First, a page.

Presiding over all of this on the day shift was Archie Mulligan, with his wavy red hair and hawkish nose and impish grin and grandly expansive catalog of tall tales. To hear Archie tell it, he was the brother of jazz saxophonist Gerry Mulligan, who being conveniently located on the West Coast, was unavailable to confirm this assertion of Archie’s. Archie contended that in his day he had dated some of the biggest stars — Kim Novak was one, and, Archie said, Peggy Lee and he had had such a memorable night together, she still always gave him a call when she was in town.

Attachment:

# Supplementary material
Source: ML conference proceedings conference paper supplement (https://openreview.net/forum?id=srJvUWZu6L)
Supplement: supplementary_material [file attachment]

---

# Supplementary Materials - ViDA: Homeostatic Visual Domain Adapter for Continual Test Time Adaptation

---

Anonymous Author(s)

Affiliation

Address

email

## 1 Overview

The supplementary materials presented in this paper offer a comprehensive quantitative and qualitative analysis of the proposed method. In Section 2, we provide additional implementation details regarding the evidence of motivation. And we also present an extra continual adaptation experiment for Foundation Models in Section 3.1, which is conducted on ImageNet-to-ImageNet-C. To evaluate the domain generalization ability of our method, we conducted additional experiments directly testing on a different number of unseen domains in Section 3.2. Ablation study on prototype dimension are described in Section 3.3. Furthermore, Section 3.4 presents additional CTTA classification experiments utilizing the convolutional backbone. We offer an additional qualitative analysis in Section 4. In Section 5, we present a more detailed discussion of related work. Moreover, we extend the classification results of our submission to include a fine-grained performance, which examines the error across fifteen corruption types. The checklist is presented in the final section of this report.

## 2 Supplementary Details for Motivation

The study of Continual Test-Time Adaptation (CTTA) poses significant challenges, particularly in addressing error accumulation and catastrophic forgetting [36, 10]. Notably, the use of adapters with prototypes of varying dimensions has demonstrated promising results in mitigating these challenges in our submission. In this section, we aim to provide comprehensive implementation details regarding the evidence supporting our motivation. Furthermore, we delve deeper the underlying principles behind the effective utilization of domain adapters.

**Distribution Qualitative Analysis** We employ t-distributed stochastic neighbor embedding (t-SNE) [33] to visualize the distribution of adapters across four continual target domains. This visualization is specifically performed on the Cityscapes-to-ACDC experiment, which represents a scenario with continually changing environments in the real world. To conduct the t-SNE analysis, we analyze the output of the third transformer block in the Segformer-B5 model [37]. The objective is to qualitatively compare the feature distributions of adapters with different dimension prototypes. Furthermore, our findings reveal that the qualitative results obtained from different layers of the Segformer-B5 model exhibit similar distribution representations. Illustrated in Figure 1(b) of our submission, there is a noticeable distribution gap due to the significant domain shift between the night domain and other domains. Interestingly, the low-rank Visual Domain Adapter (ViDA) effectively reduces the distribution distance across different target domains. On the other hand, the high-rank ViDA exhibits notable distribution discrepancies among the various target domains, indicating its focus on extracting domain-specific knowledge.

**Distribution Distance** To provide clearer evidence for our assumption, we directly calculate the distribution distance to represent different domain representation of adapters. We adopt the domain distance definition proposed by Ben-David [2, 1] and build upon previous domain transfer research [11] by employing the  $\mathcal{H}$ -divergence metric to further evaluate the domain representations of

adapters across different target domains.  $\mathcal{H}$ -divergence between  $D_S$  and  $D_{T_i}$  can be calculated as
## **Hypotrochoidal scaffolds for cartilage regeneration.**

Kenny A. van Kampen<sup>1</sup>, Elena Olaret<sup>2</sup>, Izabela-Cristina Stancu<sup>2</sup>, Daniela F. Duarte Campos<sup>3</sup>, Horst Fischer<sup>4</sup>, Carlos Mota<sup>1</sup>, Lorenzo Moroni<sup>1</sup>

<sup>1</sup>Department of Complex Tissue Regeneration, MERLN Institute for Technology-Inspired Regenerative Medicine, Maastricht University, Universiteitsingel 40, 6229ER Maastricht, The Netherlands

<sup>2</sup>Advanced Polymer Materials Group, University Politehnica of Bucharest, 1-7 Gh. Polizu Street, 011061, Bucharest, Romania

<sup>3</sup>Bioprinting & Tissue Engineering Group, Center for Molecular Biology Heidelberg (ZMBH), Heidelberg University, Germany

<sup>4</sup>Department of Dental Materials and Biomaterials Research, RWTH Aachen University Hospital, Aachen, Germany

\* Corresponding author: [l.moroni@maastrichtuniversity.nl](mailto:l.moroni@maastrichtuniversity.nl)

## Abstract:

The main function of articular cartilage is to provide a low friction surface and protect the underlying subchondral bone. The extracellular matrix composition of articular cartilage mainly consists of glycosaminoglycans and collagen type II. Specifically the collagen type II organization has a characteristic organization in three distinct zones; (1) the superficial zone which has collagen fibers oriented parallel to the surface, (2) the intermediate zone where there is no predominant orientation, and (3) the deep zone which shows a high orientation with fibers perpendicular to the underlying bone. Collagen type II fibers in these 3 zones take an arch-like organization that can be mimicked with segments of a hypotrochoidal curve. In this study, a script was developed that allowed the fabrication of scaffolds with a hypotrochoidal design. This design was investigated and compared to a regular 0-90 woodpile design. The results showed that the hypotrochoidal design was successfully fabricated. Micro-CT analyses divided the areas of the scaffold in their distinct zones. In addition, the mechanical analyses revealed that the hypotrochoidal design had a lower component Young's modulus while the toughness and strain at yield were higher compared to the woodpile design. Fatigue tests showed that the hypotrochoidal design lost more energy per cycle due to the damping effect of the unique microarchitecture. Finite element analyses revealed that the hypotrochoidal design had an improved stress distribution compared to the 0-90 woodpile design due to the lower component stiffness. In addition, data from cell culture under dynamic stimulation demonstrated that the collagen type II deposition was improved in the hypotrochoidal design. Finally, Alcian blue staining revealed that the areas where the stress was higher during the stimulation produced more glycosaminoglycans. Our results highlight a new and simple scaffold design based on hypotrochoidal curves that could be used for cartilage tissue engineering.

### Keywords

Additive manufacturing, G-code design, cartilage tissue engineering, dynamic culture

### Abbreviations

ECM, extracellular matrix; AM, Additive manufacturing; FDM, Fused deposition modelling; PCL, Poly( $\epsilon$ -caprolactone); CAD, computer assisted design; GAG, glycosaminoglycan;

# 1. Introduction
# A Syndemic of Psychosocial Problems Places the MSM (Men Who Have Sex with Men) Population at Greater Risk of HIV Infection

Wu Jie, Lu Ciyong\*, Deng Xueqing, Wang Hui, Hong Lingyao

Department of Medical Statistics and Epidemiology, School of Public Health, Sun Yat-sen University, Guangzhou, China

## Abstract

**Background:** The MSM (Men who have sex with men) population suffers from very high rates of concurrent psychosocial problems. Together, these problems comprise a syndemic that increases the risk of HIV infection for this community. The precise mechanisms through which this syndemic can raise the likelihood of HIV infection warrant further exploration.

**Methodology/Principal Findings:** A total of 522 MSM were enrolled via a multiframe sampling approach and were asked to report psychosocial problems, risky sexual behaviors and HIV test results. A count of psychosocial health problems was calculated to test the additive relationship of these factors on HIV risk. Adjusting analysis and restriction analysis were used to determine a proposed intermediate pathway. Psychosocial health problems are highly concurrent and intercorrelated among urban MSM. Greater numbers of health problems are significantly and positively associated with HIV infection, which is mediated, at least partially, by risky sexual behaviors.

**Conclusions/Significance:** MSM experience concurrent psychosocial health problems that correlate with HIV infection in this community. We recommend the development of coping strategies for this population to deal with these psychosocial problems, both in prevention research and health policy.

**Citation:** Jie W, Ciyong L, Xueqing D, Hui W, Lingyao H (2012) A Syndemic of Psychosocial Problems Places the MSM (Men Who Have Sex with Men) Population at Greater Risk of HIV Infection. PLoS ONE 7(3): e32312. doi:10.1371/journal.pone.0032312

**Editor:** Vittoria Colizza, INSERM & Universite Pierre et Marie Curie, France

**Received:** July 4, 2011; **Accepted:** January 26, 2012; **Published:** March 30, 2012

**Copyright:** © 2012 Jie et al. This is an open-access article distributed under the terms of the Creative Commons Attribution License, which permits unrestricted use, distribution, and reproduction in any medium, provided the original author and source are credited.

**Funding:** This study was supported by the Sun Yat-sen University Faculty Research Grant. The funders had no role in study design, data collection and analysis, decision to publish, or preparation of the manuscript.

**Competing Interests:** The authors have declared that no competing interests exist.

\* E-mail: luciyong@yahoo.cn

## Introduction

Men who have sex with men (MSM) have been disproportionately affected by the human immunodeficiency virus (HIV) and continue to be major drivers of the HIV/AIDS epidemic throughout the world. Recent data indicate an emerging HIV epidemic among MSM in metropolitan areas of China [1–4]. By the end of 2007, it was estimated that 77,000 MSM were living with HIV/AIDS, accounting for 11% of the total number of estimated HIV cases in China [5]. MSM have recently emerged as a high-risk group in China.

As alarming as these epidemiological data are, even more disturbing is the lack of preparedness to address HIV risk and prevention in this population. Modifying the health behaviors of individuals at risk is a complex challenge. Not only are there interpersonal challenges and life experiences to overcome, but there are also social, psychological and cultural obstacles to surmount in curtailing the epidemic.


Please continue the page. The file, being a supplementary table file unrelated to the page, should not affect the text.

Archie was full of tall tales, but none taller than the tale of his three Purple Papal Papers. Archie insisted that he had died three times, had been administered last rites by priests, and had somehow risen from the dead to live again. I can’t remember the cause of his first two deaths, but the third had happened at O’Henry’s Steakhouse, over on Sixth Avenue. While working there one day, he somehow fell down the basement stairs and struck his head and died. Conveniently enough, there was a Catholic priest on the premises — priests were always nearby when Archie died — and when they couldn’t get a pulse from Archie, he administered last rites. Archie was brought back to life in an ambulance, and later the priest made a report to the Vatican about the miracle of the resurrection of Archie Mulligan. The Vatican, according to Archie, issued his third Purple Papal Paper commemorating the new miracle as they had the other two times he died.